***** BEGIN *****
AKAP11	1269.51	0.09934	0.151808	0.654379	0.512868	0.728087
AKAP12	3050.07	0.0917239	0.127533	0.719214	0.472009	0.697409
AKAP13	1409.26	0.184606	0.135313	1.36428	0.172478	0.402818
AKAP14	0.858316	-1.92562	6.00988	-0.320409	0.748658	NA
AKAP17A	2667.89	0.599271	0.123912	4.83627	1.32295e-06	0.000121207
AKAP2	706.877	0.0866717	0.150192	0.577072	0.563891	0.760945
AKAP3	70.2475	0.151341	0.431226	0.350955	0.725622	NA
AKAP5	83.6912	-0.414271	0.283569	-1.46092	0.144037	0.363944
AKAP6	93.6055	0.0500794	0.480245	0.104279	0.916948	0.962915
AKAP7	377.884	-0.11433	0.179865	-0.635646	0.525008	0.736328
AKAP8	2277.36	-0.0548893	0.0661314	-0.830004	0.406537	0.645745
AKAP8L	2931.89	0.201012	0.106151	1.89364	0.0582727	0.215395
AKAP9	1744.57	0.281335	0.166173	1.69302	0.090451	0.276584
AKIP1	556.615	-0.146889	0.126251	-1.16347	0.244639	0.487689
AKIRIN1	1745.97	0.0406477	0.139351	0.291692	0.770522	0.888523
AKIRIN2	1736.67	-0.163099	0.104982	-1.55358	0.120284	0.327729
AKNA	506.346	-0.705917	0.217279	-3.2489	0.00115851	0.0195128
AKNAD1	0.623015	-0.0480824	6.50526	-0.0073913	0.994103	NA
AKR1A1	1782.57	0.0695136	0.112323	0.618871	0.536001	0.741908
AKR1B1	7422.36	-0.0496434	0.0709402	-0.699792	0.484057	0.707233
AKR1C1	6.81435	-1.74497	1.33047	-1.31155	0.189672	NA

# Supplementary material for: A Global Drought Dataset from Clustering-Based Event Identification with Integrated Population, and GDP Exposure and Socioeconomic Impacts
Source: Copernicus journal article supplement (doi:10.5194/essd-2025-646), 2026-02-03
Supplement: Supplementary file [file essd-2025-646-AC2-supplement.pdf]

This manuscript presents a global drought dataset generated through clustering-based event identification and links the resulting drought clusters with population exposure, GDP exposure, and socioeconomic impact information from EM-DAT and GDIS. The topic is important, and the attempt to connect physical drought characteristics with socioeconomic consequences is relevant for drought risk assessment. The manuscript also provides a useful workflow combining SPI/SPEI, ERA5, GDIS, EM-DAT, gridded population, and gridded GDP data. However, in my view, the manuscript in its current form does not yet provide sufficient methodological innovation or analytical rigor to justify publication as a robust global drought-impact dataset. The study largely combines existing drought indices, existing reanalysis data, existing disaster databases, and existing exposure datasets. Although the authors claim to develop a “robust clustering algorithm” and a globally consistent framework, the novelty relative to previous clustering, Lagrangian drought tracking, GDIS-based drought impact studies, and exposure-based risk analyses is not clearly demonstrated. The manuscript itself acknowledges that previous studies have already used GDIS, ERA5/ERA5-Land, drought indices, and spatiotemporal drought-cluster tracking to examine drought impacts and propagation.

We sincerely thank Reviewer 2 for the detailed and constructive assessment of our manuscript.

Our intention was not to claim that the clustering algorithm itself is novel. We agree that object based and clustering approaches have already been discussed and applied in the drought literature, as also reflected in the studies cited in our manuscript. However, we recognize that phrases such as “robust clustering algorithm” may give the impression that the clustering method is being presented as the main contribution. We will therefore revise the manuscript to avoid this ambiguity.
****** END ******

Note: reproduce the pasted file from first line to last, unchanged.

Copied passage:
AKAP11	1269.51	0.09934	0.151808	0.654379	0.512868	0.728087
AKAP12	3050.07	0.0917239	0.127533	0.719214	0.472009	0.697409
AKAP13	1409.26	0.184606	0.135313	1.36428	0.172478	0.402818
AKAP14	0.858316	-1.92562	6.00988	-0.320409	0.748658	NA
AKAP17A	2667.89	0.599271	0.123912	4.83627	1.32295e-06	0.000121207
AKAP2	706.877	0.0866717	0.150192	0.577072	0.563891	0.760945
AKAP3	70.2475	0.151341	0.431226	0.350955	0.725622	NA
AKAP5	83.6912	-0.414271	0.283569	-1.46092	0.144037	0.363944
AKAP6	93.6055	0.0500794	0.480245	0.104279	0.916948	0.962915
AKAP7	377.884	-0.11433	0.179865	-0.635646	0.525008	0.736328
AKAP8	2277.36	-0.0548893	0.0661314	-0.830004	0.406537	0.645745
AKAP8L	2931.89	0.201012	0.106151	1.89364	0.0582727	0.215395
AKAP9	1744.57	0.281335	0.166173	1.69302	0.090451	0.276584
AKIP1	556.615	-0.146889	0.126251	-1.16347	0.244639	0.487689
AKIRIN1	1745.97	0.0406477	0.139351	0.291692	0.770522	0.888523
AKIRIN2	1736.67	-0.163099	0.104982	-1.55358	0.120284	0.327729
AKNA	506.346	-0.705917	0.217279	-3.2489	0.00115851	0.0195128
AKNAD1	0.623015	-0.0480824	6.50526	-0.0073913	0.994103	NA
AKR1A1	1782.57	0.0695136	0.112323	0.618871	0.536001	0.741908
AKR1B1	7422.36	-0.0496434	0.0709402	-0.699792	0.484057	0.707233
AKR1C1	6.81435	-1.74497	1.33047	-1.31155	0.189672	NA

# Supplementary material for: A Global Drought Dataset from Clustering-Based Event Identification with Integrated Population, and GDP Exposure and Socioeconomic Impacts
Source: Copernicus journal article supplement (doi:10.5194/essd-2025-646), 2026-02-03
Supplement: Supplementary file [file essd-2025-646-AC2-supplement.pdf]

This manuscript presents a global drought dataset generated through clustering-based event identification and links the resulting drought clusters with population exposure, GDP exposure, and socioeconomic impact information from EM-DAT and GDIS. The topic is important, and the attempt to connect physical drought characteristics with socioeconomic consequences is relevant for drought risk assessment. The manuscript also provides a useful workflow combining SPI/SPEI, ERA5, GDIS, EM-DAT, gridded population, and gridded GDP data. However, in my view, the manuscript in its current form does not yet provide sufficient methodological innovation or analytical rigor to justify publication as a robust global drought-impact dataset. The study largely combines existing drought indices, existing reanalysis data, existing disaster databases, and existing exposure datasets. Although the authors claim to develop a “robust clustering algorithm” and a globally consistent framework, the novelty relative to previous clustering, Lagrangian drought tracking, GDIS-based drought impact studies, and exposure-based risk analyses is not clearly demonstrated. The manuscript itself acknowledges that previous studies have already used GDIS, ERA5/ERA5-Land, drought indices, and spatiotemporal drought-cluster tracking to examine drought impacts and propagation.

We sincerely thank Reviewer 2 for the detailed and constructive assessment of our manuscript.

Our intention was not to claim that the clustering algorithm itself is novel. We agree that object based and clustering approaches have already been discussed and applied in the drought literature, as also reflected in the studies cited in our manuscript. However, we recognize that phrases such as “robust clustering algorithm” may give the impression that the clustering method is being presented as the main contribution. We will therefore revise the manuscript to avoid this ambiguity.